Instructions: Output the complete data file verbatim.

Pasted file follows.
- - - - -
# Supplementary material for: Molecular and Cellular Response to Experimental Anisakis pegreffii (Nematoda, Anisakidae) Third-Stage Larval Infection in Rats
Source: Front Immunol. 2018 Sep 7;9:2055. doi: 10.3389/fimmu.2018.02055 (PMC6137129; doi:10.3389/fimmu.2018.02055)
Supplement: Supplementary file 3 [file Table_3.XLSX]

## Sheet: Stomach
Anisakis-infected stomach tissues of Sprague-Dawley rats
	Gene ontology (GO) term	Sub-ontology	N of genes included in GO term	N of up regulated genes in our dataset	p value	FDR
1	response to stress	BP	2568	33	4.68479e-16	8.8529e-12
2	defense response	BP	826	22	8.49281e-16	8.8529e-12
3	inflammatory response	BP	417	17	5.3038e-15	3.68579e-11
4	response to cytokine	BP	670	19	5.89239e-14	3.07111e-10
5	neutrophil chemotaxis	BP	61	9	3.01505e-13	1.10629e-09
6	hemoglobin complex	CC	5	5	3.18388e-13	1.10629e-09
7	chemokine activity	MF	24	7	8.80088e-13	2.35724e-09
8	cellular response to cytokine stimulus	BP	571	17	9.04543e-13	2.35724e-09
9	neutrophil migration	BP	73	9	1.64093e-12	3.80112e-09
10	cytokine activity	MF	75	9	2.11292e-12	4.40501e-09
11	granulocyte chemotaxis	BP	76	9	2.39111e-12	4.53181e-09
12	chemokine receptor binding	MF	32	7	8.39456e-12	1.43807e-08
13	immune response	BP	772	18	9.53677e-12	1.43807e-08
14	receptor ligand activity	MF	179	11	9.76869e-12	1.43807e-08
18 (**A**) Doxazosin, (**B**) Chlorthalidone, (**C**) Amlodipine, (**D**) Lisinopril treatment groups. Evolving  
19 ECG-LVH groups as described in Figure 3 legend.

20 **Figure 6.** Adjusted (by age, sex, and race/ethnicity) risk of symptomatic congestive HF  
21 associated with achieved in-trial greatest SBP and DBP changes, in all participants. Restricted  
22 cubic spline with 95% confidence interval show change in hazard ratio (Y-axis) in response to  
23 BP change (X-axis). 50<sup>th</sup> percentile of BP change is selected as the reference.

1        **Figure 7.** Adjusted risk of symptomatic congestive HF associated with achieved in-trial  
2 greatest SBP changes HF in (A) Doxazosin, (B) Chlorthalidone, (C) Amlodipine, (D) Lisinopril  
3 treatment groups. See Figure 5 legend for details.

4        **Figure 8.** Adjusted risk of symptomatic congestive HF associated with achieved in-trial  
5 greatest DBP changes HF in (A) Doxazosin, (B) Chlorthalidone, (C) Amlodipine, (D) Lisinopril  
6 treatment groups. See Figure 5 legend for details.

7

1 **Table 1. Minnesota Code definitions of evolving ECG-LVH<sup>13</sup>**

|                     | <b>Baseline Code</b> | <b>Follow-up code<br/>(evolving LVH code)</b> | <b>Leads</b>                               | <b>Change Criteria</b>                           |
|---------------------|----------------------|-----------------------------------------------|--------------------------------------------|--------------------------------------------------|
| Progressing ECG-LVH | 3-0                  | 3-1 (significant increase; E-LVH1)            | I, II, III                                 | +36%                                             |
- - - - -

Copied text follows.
# Supplementary material for: Molecular and Cellular Response to Experimental Anisakis pegreffii (Nematoda, Anisakidae) Third-Stage Larval Infection in Rats
Source: Front Immunol. 2018 Sep 7;9:2055. doi: 10.3389/fimmu.2018.02055 (PMC6137129; doi:10.3389/fimmu.2018.02055)
Supplement: Supplementary file 3 [file Table_3.XLSX]

## Sheet: Stomach
Anisakis-infected stomach tissues of Sprague-Dawley rats
	Gene ontology (GO) term	Sub-ontology	N of genes included in GO term	N of up regulated genes in our dataset	p value	FDR
1	response to stress	BP	2568	33	4.68479e-16	8.8529e-12
2	defense response	BP	826	22	8.49281e-16	8.8529e-12
3	inflammatory response	BP	417	17	5.3038e-15	3.68579e-11
4	response to cytokine	BP	670	19	5.89239e-14	3.07111e-10
5	neutrophil chemotaxis	BP	61	9	3.01505e-13	1.10629e-09
6	hemoglobin complex	CC	5	5	3.18388e-13	1.10629e-09
7	chemokine activity	MF	24	7	8.80088e-13	2.35724e-09
8	cellular response to cytokine stimulus	BP	571	17	9.04543e-13	2.35724e-09
9	neutrophil migration	BP	73	9	1.64093e-12	3.80112e-09
10	cytokine activity	MF	75	9	2.11292e-12	4.40501e-09
11	granulocyte chemotaxis	BP	76	9	2.39111e-12	4.53181e-09
12	chemokine receptor binding	MF	32	7	8.39456e-12	1.43807e-08
13	immune response	BP	772	18	9.53677e-12	1.43807e-08
14	receptor ligand activity	MF	179	11	9.76869e-12	1.43807e-08
18 (**A**) Doxazosin, (**B**) Chlorthalidone, (**C**) Amlodipine, (**D**) Lisinopril treatment groups. Evolving  
19 ECG-LVH groups as described in Figure 3 legend.

20 **Figure 6.** Adjusted (by age, sex, and race/ethnicity) risk of symptomatic congestive HF  
21 associated with achieved in-trial greatest SBP and DBP changes, in all participants. Restricted  
22 cubic spline with 95% confidence interval show change in hazard ratio (Y-axis) in response to  
23 BP change (X-axis). 50<sup>th</sup> percentile of BP change is selected as the reference.

1        **Figure 7.** Adjusted risk of symptomatic congestive HF associated with achieved in-trial  
2 greatest SBP changes HF in (A) Doxazosin, (B) Chlorthalidone, (C) Amlodipine, (D) Lisinopril  
3 treatment groups. See Figure 5 legend for details.

4        **Figure 8.** Adjusted risk of symptomatic congestive HF associated with achieved in-trial  
5 greatest DBP changes HF in (A) Doxazosin, (B) Chlorthalidone, (C) Amlodipine, (D) Lisinopril  
6 treatment groups. See Figure 5 legend for details.

7

1 **Table 1. Minnesota Code definitions of evolving ECG-LVH<sup>13</sup>**

|                     | <b>Baseline Code</b> | <b>Follow-up code<br/>(evolving LVH code)</b> | <b>Leads</b>                               | <b>Change Criteria</b>                           |
|---------------------|----------------------|-----------------------------------------------|--------------------------------------------|--------------------------------------------------|
| Progressing ECG-LVH | 3-0                  | 3-1 (significant increase; E-LVH1)            | I, II, III                                 | +36%                                             |